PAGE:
Interview with Sandra Levins, Author of “Was it the Chocolate Pudding?”Written by: Rob Print This Article
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I’ve previously written a review and comparison of six divorce books for children. One of my favorites is the book Was It the Chocolate Pudding?: A Story For Little Kids About Divorce written by author Sandra Levins.
Was It the Chocolate Pudding?: A Story For Little Kids About Divorce features a funny story about two brothers living primarily with their father. The older brother thinks he caused the divorce because of a really messy day with chocolate pudding all over him and his hungry little brother. Kids seem to enjoy this book a lot because of the humor and how it relates to their viewpoint about the basics of what happens to the kids when their parents don’t get along and they end up living in two households. This is a definite “repeat reader” type of book, likely to be asked for at story time more than once.
Today I ran across an interview entitled Divorce Today: Was It The Chocolate Pudding? with Sandra Levins that discusses both this book and an upcoming new book. She discusses the source of the ideas for the book, the intent, and the help she got from the American Psychological Association in getting it illustrated and published.
She also talks about her new book:
Do You Sing Twinkle? A Story about Remarriage and New Family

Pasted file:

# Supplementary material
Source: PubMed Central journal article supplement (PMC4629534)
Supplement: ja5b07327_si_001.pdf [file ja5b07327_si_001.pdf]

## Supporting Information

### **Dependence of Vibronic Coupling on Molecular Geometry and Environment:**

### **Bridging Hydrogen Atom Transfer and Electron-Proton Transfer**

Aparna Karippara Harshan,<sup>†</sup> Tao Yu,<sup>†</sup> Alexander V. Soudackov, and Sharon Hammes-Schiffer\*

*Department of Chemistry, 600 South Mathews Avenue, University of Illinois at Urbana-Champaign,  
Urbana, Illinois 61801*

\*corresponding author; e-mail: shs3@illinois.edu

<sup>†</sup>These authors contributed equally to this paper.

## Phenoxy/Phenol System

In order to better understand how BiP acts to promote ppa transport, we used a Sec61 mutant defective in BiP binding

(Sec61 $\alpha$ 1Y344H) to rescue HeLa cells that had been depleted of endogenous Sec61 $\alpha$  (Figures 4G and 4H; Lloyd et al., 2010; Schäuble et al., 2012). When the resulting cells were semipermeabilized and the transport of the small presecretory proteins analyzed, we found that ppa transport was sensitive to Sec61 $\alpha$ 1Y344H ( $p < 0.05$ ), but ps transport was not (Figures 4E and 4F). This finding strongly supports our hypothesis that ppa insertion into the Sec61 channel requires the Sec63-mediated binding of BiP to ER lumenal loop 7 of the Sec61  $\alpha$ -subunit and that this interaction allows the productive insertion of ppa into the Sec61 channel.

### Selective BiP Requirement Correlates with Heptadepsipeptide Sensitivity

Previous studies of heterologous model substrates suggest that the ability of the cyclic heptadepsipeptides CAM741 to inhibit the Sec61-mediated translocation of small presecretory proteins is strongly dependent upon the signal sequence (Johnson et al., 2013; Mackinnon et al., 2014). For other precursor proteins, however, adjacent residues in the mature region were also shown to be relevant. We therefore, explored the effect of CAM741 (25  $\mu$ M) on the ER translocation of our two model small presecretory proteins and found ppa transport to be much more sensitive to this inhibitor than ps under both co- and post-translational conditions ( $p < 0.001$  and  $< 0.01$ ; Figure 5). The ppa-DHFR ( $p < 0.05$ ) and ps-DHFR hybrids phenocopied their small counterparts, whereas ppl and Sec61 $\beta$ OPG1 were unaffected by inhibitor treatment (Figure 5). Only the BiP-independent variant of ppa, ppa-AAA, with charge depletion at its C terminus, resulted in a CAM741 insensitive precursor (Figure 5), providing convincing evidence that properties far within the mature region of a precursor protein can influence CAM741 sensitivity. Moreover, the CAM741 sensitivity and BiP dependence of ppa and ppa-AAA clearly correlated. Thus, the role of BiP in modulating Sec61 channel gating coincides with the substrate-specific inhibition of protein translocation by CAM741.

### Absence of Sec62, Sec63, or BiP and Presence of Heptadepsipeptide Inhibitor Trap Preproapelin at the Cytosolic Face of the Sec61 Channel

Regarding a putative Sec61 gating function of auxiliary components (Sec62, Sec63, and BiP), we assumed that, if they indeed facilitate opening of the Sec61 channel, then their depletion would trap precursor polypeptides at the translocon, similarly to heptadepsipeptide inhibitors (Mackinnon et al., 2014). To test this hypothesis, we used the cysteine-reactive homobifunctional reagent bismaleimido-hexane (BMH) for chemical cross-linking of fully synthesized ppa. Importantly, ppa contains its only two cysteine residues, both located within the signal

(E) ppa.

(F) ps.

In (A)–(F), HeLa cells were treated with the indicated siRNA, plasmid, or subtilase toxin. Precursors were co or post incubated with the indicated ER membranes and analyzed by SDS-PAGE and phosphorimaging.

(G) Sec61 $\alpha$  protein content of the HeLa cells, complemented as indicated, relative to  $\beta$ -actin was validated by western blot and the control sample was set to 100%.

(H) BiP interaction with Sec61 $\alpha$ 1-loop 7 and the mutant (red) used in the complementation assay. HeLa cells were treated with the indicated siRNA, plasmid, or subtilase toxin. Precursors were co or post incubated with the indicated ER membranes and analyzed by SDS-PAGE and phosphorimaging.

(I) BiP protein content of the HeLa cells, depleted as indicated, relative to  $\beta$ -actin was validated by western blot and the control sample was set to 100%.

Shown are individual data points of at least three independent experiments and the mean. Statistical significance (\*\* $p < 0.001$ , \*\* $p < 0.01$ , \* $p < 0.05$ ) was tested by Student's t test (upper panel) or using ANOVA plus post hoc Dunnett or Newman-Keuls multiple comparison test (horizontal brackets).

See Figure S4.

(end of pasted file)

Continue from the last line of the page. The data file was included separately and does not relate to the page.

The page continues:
Due out in August 2009, Do You Sing Twinkle? is a story about the Chocolate Pudding boys who learn to share their newly-remarried mom with her new step daughters. Mom not only remarried and moved to another town, she has a new family, and “Mom shouldn’t sing ‘Twinkle’ to anybody but my brother and me.” Mom and Dad come together on this issue and offer some ideas that might help.
You can pre-order Do You Sing Twinkle?: A Story About Remarriage and New Family from Amazon.com. The publisher’s description of the book is:
Mom has a new family! She has a new husband who is not my dad, and worst of all, new kids. Girls! Just as it feels for the young child in “Do You Sing Twinkle?” living apart from a parent can be a hard adjustment for kids. And, when that parent remarries and has stepchildren, things can get really confusing for kids! Told from a young boy’s point of view, the book sensitively addresses many questions that children may have while adjusting to remarriage and joint-custody situations. Kids and parents will learn good and easy ways to stay connected all around helping kids to feel special and loved. A ‘Note to Parents’ is included that will help parents talk to their children and deal with common but difficult emotions as they adjust to all the changes in their lives. This title addresses directly the kinds of issues kids face when parents divorce and remarry. It tackles difficulties of separated parents, stepparents, and step-siblings. It is a ‘read aloud’ book that is suitable for very young children but readable by second graders.